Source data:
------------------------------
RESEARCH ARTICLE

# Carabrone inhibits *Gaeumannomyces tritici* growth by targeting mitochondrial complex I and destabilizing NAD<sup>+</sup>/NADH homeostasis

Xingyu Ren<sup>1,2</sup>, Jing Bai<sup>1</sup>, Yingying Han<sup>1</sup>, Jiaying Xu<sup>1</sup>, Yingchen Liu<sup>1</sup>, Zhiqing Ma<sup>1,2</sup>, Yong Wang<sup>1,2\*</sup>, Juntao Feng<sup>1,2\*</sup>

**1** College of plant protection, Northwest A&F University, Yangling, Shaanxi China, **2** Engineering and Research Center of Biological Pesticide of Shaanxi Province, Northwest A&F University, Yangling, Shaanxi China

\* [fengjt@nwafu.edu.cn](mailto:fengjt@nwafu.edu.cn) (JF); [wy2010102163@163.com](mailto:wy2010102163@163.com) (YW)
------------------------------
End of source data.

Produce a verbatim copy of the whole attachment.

RESEARCH ARTICLE

# Carabrone inhibits *Gaeumannomyces tritici* growth by targeting mitochondrial complex I and destabilizing NAD<sup>+</sup>/NADH homeostasis

Xingyu Ren<sup>1,2</sup>, Jing Bai<sup>1</sup>, Yingying Han<sup>1</sup>, Jiaying Xu<sup>1</sup>, Yingchen Liu<sup>1</sup>, Zhiqing Ma<sup>1,2</sup>, Yong Wang<sup>1,2\*</sup>, Juntao Feng<sup>1,2\*</sup>

**1** College of plant protection, Northwest A&F University, Yangling, Shaanxi China, **2** Engineering and Research Center of Biological Pesticide of Shaanxi Province, Northwest A&F University, Yangling, Shaanxi China

\* [fengjt@nwafu.edu.cn](mailto:fengjt@nwafu.edu.cn) (JF); [wy2010102163@163.com](mailto:wy2010102163@163.com) (YW)